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# Part 9: Special Scenarios

### i) Parallel Pipes

Figure 8 shows a pipe network where the feeder pipe (1) divides into two pipes (2,3) of different diameters at point A and rejoins at point B to become another pipe section (4).

There are two important points here :

a) The flow into the junctions, must equal the flow out (see section 4. Equation (11)), so we can write: $A_1v_1 = A_2v_2 + A_3v_3 = A_4v_4$

b) The pressure drop between points A and B in pipe 2 must equal the pressure drop between points A and B in pipe 3. This because there must be continuity of pressure at point B. So if we wrote out the Bernoulli equations between points A and B for each pipe (2,3)we would get:

For pipe 2: $P_A + \frac{1}{2}.\rho.v_2^2 + \rho.g.h_A = P_B + \frac{1}{2}.\rho.v_2^2 + \rho.g.h_B + f_{h2}.\rho.g$

For pipe 3: $P_A +\frac{1}{2}.\rho.v_2^2 + \rho.g.h_A = P_B +\frac{1}{2}.\rho.v_3^2+\rho.g.h_B+f_{h3}.\rho.g$

Examination of these two equations and simplification shows that the frictional head losses must be equal: $f_{h2}=f_{h3}$

Knowing the two relations in a) and b) it is possible to calculate the velocities in pipes 2 and 3 by trial and error (using the friction charts) and thus the pressure drop between A and B.

Worked Example 7 gives a typical calculation for parallel pipes.

### ii) Water Sources At Different Elevations

Consider the scenario shown in Figure 9, where there are two water sources at different elevations joined together at point A, which then supplies a reservoir tank at B.

The important points to note are the following :

a. The pressures (P1, P2, P3) at all three tanks are equal (atmospheric).
b. The pressure at point A (PA) will be the same for all three pipes.
c. The velocities at the two top tanks will be zero (v1 = v2 = 0), so both of these kinetic energy terms disappear.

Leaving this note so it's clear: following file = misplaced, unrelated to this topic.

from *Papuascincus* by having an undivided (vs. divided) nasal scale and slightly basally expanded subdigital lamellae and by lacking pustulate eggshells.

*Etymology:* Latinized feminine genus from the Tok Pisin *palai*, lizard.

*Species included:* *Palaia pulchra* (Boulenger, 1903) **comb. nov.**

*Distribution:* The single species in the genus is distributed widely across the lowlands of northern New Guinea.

Typically the problem here is to design one of the source lines such that the pressure at the junction A is equalised. If the pressure is not equalised in the design then the flows will interfere with each other.

Assume, therefore, that the required flows out of each source are known, which means v1A and v2A are fixed.

The Bernoulli Equations for the two sources to point A, are given below:

For source 1: $\rho.g.h_1 = P_A + \frac{1}{2}.\rho.v_{1A}^2 + \rho.g.h_3 + f_{h1-A}.\rho.g$

For source 2: $\rho.g.h_2 = P_A + \frac{1}{2}.\rho.v_{2A}^2 + \rho.g.h_3 + f_{h2-A}.\rho.g$

For source 1 the pressure at the junction can be calculated by rearranging the equation as below:

For source 1: $P_A = \rho.g.h_1 + \frac{1}{2}.\rho.v_{1A}^2 + \rho.g.h_3 + f_{h1-A}.\rho.g$

Knowing PA means we can work out the pipe size required to burn off the required amount of frictional head to equalise the pressures at the junction.

From the Continuity Equation (11) we can calculate the combined flow of the two source pipes. $A_3v_{3A} = A_1v_{1A} + A_2v_{2A}$

Now we can write the Bernoulli Equation from the junction to the reservoir tank: $P_A + \frac{1}{2}.\rho.v_{3A}^2 + \rho.g.h_3 = P_3 + \frac{1}{2}.\rho.v_3^2 + f_{hA-3}.\rho.g$

Assuming that v3A = v3 (this means there is a control valve at the reservoir tank), then we can either calculate the residual pressure at the control valve or calculate the pipe size required to reduce this residual pressure to close to zero (the minimum possible pipe size).

For natural flow conditions the calculation becomes too complicated for a treatment in this document.

Worked Example 8 gives a typical calculation for sources at different elevations.